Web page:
Ideally, last Friday I was meant to say my Happy New Year wishes to you dear readers.
But competing priorities pushed me this way and that way and in the end I couldn’t and therefore missed out on an opportunity to welcome 2022 which promises to be another exciting artistic year ahead of us.
Notwithstanding, we have to get on with our business. I won’t take you back and forth. I will march forward. On this platform, we are all about setting the tone for debates and discussions centred on art.
We are also tasked with the responsibility of furthering debates and extending narratives that have emanated from elsewhere so that their reach can be extended. It is in this spirit that I, in verbatim, reproduce a submission from poet and event manager Q Malewezi.
We Are Where We Art.
So much has been said about Malawian artists not being at the same “level” as other African artists. It is important to understand that not everything about an artist’s success is up to the artist.
Music like any other industry is made up of several business activities which constitute a value chain. Artists can only rise as high as the value chain so it is important to understand the ecosystems that artists are in.
Most of the notable African international artists are from francophone countries. Names like YoussouN’dour, AngeliquéKidjo, Salif Keita, Kofi Olomidé and others. This is because France has invested heavily in the music ecosystem of French speaking countries.
Most of these successful African artists actually live and are signed and managed in France and France benefits heavily from their musical products.
An artist from a French speaking country has a clear career path to the international level because all the business activities in the value chain are present. This could be attributed to France’s assimilation policy for their former colonies but that is a subject for another day.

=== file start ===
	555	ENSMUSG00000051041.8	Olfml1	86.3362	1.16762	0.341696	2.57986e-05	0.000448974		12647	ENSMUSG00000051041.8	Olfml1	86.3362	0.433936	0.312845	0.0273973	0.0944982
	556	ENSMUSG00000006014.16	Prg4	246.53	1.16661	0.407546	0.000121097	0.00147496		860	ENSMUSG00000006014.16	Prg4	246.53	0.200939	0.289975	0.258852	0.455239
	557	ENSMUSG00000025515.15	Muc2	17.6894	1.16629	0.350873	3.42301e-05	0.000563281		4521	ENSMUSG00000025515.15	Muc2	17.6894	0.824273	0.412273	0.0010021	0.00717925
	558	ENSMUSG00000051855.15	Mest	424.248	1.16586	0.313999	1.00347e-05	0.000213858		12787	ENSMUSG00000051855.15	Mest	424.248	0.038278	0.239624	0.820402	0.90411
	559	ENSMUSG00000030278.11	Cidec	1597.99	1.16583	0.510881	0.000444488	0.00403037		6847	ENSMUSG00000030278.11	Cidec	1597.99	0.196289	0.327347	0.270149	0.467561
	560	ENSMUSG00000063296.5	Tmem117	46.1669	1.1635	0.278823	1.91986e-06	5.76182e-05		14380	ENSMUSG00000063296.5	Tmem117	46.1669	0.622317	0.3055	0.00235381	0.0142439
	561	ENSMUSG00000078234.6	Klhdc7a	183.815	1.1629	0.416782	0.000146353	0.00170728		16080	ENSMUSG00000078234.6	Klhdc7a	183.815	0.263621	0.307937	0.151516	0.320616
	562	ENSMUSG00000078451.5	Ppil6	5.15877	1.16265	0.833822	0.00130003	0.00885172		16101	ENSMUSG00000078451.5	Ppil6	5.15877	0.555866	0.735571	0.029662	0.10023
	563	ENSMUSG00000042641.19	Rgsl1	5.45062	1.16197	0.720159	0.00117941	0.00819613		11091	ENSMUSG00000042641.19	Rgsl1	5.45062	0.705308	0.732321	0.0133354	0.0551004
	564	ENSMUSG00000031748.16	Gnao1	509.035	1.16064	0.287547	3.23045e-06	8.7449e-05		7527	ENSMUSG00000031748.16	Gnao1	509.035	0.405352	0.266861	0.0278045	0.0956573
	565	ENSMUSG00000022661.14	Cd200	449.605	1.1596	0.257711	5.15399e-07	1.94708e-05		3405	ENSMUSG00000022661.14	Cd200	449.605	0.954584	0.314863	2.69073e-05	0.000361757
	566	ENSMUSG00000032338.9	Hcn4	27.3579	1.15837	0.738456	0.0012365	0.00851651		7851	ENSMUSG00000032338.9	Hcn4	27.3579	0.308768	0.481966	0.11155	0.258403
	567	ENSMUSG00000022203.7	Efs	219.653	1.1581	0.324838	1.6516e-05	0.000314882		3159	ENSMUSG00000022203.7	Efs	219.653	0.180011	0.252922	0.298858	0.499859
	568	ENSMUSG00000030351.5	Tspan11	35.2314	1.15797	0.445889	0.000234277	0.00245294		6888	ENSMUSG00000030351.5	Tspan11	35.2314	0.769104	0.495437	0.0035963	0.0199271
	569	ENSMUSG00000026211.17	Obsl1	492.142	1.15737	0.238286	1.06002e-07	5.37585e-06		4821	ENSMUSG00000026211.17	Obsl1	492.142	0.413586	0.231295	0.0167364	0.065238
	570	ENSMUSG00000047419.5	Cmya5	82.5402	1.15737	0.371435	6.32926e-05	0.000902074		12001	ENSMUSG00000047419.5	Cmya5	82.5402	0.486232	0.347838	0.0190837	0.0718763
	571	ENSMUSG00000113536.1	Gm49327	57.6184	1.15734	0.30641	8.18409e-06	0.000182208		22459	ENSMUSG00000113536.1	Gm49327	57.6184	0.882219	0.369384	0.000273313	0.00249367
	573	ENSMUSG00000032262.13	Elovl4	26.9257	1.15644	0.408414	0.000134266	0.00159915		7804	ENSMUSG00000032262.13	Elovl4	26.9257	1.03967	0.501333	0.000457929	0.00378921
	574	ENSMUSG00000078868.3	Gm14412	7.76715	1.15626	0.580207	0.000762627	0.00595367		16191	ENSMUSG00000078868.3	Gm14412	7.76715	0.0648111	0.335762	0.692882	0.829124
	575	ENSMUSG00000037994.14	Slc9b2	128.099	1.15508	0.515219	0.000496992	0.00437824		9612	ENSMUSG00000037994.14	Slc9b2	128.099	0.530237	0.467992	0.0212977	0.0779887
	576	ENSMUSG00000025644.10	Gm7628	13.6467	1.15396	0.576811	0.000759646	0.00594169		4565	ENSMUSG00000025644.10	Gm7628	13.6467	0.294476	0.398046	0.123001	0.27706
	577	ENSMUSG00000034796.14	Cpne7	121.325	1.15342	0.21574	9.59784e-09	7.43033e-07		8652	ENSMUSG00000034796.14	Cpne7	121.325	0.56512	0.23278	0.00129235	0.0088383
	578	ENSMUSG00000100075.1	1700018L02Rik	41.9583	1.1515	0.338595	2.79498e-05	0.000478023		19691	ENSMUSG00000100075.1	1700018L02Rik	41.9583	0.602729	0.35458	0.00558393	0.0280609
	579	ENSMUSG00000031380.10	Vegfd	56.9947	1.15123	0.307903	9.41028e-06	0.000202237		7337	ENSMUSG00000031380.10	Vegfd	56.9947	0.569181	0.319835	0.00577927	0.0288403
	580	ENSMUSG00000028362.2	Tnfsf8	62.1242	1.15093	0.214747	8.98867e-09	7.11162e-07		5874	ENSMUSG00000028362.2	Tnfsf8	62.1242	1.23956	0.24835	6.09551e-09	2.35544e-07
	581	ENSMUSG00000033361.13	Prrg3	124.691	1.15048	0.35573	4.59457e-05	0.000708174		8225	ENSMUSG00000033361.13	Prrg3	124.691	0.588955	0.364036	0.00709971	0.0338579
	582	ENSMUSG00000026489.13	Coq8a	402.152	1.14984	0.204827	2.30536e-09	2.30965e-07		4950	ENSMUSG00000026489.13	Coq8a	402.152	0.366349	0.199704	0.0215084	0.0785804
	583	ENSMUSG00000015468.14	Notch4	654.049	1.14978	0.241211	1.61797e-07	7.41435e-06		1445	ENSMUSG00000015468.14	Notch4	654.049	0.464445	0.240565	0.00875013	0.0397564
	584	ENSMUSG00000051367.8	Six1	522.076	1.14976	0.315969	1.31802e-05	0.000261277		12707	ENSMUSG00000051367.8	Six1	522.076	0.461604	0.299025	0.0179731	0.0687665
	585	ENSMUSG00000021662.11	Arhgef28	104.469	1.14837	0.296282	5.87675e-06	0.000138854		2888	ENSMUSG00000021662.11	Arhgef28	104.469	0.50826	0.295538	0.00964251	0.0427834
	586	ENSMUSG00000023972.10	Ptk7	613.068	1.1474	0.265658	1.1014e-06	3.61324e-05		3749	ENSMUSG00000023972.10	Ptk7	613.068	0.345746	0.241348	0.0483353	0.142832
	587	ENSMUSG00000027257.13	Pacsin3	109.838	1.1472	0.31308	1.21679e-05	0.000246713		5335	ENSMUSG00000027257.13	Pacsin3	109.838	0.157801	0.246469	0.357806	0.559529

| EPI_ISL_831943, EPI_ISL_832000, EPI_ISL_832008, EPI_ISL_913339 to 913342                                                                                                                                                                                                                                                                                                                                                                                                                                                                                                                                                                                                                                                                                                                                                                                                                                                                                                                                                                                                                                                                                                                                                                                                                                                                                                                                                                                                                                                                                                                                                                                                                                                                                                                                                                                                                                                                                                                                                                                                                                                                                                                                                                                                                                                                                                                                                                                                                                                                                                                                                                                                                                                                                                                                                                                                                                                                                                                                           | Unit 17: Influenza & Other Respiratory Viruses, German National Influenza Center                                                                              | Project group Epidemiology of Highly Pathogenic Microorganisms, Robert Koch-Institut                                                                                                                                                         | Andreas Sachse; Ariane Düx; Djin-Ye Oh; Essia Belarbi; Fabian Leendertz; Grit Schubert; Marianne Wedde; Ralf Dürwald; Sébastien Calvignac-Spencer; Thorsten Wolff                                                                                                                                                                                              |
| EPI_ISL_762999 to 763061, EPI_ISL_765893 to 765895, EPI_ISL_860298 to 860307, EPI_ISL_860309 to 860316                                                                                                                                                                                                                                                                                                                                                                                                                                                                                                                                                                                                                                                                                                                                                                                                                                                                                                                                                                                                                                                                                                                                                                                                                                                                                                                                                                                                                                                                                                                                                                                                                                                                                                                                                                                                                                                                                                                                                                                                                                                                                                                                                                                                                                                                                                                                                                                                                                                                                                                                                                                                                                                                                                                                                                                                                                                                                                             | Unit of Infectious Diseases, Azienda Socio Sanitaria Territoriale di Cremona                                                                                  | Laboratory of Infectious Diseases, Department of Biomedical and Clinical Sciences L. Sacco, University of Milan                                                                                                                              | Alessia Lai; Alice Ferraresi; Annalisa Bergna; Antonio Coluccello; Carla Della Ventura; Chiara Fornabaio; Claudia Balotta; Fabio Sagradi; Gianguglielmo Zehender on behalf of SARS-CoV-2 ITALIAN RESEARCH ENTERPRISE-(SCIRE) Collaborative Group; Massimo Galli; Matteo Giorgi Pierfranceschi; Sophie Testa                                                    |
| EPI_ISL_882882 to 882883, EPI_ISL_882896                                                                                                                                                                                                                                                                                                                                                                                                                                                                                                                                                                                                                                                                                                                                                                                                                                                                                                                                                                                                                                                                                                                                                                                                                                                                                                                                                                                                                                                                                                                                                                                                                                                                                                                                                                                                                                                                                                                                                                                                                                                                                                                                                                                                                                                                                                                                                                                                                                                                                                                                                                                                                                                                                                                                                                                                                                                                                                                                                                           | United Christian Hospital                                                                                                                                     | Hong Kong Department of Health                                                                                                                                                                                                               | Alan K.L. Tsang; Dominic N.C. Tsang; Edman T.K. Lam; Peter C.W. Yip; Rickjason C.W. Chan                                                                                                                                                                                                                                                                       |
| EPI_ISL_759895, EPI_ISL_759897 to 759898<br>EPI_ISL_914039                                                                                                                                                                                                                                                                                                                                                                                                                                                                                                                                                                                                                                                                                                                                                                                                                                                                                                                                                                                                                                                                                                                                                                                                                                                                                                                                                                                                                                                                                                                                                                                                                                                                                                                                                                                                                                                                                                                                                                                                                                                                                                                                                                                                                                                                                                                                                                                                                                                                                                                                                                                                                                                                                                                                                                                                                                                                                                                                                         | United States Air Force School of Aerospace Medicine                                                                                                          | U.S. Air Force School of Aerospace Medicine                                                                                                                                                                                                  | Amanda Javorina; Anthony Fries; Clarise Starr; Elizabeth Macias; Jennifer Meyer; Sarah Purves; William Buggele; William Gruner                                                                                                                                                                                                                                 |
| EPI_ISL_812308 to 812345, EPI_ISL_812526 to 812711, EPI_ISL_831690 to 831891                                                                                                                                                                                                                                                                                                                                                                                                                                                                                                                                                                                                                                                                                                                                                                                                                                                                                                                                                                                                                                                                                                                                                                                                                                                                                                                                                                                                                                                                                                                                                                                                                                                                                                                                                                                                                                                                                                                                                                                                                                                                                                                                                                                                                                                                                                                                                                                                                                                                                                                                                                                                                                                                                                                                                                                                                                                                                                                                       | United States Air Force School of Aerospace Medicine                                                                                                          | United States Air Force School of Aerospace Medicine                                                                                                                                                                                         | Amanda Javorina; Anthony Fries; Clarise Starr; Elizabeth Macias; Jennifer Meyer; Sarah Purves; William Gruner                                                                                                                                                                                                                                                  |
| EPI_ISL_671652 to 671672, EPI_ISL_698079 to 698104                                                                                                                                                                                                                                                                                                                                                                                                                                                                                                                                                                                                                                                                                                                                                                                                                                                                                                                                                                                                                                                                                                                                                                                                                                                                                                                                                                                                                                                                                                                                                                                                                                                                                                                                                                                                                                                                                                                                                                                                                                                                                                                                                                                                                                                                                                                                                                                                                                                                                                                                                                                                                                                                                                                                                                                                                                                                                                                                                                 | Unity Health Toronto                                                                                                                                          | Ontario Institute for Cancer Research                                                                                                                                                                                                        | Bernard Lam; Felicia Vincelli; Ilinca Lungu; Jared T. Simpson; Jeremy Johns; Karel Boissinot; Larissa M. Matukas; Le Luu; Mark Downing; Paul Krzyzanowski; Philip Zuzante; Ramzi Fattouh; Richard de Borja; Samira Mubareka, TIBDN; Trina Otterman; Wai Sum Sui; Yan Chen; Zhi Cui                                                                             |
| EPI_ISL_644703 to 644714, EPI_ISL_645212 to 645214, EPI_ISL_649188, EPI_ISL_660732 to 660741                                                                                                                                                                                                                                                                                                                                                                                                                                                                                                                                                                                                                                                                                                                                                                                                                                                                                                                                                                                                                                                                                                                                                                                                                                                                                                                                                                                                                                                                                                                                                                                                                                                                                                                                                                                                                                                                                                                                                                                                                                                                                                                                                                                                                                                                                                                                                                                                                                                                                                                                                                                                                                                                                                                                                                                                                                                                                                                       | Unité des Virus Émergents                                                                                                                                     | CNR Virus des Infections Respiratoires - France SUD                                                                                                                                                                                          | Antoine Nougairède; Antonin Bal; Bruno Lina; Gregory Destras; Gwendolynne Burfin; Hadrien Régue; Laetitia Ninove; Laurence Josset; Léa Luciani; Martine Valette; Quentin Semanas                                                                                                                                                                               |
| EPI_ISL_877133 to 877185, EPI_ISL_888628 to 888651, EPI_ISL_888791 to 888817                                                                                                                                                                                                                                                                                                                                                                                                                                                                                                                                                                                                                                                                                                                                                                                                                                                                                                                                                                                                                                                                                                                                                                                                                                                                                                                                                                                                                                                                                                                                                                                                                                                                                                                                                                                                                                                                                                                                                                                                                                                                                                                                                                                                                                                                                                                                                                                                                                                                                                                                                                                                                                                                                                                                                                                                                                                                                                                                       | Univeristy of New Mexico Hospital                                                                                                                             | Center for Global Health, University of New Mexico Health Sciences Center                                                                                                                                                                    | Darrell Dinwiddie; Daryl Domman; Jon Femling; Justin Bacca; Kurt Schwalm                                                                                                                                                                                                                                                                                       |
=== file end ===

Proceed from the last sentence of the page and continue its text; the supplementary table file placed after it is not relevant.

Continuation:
Now if we look at the Malawi situation, our value chain goes as far as our borders. The artists who have broken out have done so with incredible personal effort and to be honest the “breaking out” hasn’t been highly significant because of the same reasons and has been difficult to sustain.
To paint a better picture let me use tobacco as an example. A farmer in Mchinji is not responsible for getting his or her tobacco to the international markets or global cigarette manufacturing companies.
There is a whole industry and institutions that make sure of the quality, transportation, buying, exporting etc going up the value chain until it becomes a cigarette. So, asking an artist to be the whole value chain is like asking the farmer in Mchinji to manufacture his or her own brand of cigarettes and sell to the global market.
However, a good place to start is where we are. Malawi’s creative sector a l ready c ont r i b u te s significantly to the country’s economy (approximately 4 percent to the GDP), but that money doesn’t really get to the pockets of our creators. Some points we can think about:
As a sector, we need to stop working in a fragmented fashion and organise ourselves so we can push for better policy and implementation. The individual efforts can only take us so far and we can attain individual success but not overall sector growth.
National pride is the key here. Every time a song or music video is played on radio or TV, it generates money for the rights holders. If more Malawian content is played, more money is being generated for the content creators.
We need business people to harness the potential of the sector to establish creative enterprises so that we can expand our ecosystem. Malawi is not short of artistic talents. The gap is the business skills that are needed to take that talent up the value chain.
We need serious political will that is serious about further development of the sector. Full implementation and operationalisation of the Cultural Policy, Copyright Act and Communications Act will help create a much more conducive environment.
We need to do away with envy. There are many opportunities that come our way but are sat on. We need to get to a place where we want others to succeed. The attitude that we have towards our artists and the arts needs to change. We need to take ourselves as professionals and hopefully we will be treated as such.